One of the compromises between the environment and politics is the term ‘green growth’. It’s always turning up in government papers or the documents like the UN’s recent Rio +20 agreement. Green growth is an attempt to turn big environmental problems into opportunities for greater prosperity. If you get it right, you can carry on growing the economy while solving the environmental crisis at the same time… in theory.
For that to happen, you need . So far, growing economies also have growing consumption of materials, growing energy needs and growing CO2 footprints. To grow without damaging the environment, you need to ‘decouple’ the economy from its ecological impact. You can do that by moving from heavy industry to services, using renewable energy, recycling or increasing energy and material efficiency.
Of course if the economy is growing, then your efficiency gains have to happen faster than the growth, otherwise the new growth just swallows up any gains. If the economy is 10% more efficient than it was a decade ago, but is also 10% larger, then you’re running to stand still. That’s the difference between absolute decoupling and relative decoupling. To actually reduce CO2, energy and material use, the actual amounts we use need to fall in absolute terms.
The graph at the top shows the challenge. (It’s from ). The world’s countries are plotted with growth in GDP along the horizontal axis and growth in materials consumption on the vertical axis. If a country falls along the horizontal line in the middle, then its material use and GDP have grown at exactly the same rate. Anywhere below the horizontal shows that you’re making some efficiency gains, but that your overall growth is running ahead of them. Only those countries that are in the blue sector at the bottom have achieved true decoupling, reducing the amount of timber, fossil fuels and metals that they use in absolute terms.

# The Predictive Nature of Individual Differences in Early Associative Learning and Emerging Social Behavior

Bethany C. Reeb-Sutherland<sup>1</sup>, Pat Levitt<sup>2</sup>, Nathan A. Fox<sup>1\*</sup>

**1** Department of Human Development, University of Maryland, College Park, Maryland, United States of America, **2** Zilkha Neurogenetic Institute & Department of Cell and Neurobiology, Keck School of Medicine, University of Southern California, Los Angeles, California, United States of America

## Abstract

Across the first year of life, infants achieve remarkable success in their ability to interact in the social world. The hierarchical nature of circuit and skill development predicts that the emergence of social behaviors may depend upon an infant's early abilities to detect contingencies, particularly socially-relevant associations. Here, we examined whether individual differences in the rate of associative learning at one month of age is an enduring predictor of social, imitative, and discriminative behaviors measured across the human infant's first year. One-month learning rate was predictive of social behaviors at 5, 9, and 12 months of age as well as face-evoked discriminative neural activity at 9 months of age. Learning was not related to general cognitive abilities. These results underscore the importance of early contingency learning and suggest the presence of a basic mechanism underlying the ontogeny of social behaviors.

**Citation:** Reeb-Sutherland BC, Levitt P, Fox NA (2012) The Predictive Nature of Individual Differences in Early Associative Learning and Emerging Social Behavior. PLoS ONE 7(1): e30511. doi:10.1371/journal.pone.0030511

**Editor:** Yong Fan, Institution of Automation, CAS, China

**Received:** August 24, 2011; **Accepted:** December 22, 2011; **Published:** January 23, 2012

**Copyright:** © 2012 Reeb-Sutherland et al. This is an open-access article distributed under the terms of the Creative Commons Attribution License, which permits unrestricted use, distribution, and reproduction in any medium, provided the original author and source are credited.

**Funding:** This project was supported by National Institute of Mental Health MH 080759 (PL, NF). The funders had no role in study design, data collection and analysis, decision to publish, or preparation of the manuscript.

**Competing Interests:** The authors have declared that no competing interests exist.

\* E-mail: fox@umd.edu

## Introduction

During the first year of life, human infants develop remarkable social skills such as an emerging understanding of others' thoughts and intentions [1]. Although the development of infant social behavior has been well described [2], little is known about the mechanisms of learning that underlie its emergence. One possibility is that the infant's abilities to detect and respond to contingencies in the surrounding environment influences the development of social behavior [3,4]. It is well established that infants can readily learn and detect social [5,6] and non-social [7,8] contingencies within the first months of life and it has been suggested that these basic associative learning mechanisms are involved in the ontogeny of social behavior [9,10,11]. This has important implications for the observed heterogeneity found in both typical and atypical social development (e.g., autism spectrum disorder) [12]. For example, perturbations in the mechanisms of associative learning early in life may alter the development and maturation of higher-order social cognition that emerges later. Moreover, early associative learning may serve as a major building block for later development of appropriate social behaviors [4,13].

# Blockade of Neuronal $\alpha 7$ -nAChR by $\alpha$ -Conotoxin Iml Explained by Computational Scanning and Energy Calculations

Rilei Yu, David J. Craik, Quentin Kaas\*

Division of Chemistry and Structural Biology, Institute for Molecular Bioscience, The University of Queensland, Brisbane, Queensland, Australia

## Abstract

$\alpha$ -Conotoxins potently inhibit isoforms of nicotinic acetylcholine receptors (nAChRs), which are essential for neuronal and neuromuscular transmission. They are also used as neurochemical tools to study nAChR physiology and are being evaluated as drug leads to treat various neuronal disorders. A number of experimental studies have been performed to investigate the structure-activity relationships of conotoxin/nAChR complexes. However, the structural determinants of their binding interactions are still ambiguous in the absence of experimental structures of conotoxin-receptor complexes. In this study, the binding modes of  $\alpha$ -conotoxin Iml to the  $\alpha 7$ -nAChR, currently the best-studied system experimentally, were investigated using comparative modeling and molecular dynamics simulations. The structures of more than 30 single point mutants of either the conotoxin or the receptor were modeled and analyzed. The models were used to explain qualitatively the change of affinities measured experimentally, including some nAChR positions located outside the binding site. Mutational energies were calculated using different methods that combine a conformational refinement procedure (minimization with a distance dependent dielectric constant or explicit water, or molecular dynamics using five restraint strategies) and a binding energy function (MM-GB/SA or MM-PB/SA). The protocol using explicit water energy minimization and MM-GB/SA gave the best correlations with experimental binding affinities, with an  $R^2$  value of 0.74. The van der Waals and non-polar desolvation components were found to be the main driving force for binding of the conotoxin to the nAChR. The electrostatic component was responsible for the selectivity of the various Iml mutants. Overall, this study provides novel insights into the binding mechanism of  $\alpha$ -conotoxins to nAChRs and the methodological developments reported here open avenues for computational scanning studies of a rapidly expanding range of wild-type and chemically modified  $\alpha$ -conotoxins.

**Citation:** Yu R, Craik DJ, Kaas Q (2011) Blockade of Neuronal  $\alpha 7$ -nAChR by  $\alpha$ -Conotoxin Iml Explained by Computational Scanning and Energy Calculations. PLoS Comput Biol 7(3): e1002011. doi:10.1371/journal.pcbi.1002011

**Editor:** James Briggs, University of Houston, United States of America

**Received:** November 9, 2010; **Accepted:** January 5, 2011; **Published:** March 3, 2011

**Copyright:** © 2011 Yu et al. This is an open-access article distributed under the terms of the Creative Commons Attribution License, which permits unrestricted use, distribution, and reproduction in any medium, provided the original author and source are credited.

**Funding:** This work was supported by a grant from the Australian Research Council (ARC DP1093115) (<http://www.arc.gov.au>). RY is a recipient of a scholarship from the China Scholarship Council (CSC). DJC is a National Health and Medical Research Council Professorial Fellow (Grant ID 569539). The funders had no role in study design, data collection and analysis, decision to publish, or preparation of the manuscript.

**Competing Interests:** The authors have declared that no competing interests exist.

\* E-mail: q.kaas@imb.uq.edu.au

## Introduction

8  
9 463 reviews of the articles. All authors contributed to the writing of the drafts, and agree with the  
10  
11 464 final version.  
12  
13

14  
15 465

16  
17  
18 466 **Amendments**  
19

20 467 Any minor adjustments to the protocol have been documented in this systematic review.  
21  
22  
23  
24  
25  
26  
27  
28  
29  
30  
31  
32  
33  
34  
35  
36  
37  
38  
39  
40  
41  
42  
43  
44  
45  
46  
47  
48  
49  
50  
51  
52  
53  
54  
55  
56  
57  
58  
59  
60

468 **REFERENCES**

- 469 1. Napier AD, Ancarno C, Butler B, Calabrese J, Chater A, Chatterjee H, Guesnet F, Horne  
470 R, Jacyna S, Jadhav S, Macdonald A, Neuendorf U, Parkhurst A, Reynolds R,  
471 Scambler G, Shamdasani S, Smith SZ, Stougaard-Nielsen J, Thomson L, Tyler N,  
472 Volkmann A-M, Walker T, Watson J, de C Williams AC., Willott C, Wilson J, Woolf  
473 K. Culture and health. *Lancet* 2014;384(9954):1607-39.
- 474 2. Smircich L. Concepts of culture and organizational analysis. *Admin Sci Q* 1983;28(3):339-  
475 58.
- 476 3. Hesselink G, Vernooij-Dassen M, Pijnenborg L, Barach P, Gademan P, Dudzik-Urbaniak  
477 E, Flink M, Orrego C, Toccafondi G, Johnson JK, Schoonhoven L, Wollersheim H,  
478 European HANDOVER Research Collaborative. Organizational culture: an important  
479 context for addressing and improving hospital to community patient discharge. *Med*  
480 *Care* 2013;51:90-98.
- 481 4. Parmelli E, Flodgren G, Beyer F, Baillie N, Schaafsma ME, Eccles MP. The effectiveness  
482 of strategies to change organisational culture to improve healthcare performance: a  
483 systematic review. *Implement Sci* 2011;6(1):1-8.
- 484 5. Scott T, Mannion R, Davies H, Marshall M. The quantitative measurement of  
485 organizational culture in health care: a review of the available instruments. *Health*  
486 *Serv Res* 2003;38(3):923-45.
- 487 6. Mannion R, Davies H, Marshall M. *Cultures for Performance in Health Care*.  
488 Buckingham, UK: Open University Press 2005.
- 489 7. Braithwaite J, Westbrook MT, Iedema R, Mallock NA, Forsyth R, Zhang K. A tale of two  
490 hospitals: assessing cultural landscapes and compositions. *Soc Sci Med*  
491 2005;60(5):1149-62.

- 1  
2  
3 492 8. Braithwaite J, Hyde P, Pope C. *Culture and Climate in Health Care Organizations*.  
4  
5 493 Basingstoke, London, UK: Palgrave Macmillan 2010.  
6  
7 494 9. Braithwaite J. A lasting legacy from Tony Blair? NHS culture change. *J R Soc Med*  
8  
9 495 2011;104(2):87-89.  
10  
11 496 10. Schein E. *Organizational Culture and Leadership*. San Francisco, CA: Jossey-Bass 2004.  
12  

The first thing to notice is that the right hand side of that blue segment is empty – absolute decoupling can only happen in low-growth countries. The other thing to remember is that even those consumer economies that did see absolute decoupling – Canada, Italy, Japan, Germany and the UK – still might not have achieved the holy grail of green growth. They may have simply displaced their materials use elsewhere by importing things they used to produce themselves. A quick glance at imports from China will tell you where materials consumption in Britain went.
We’re going to hear a lot more about green growth, and about decoupling. It’s harder than it looks, and in the long term it’s impossible. Ultimately, we’re not going to get anywhere until we start questioning growth itself.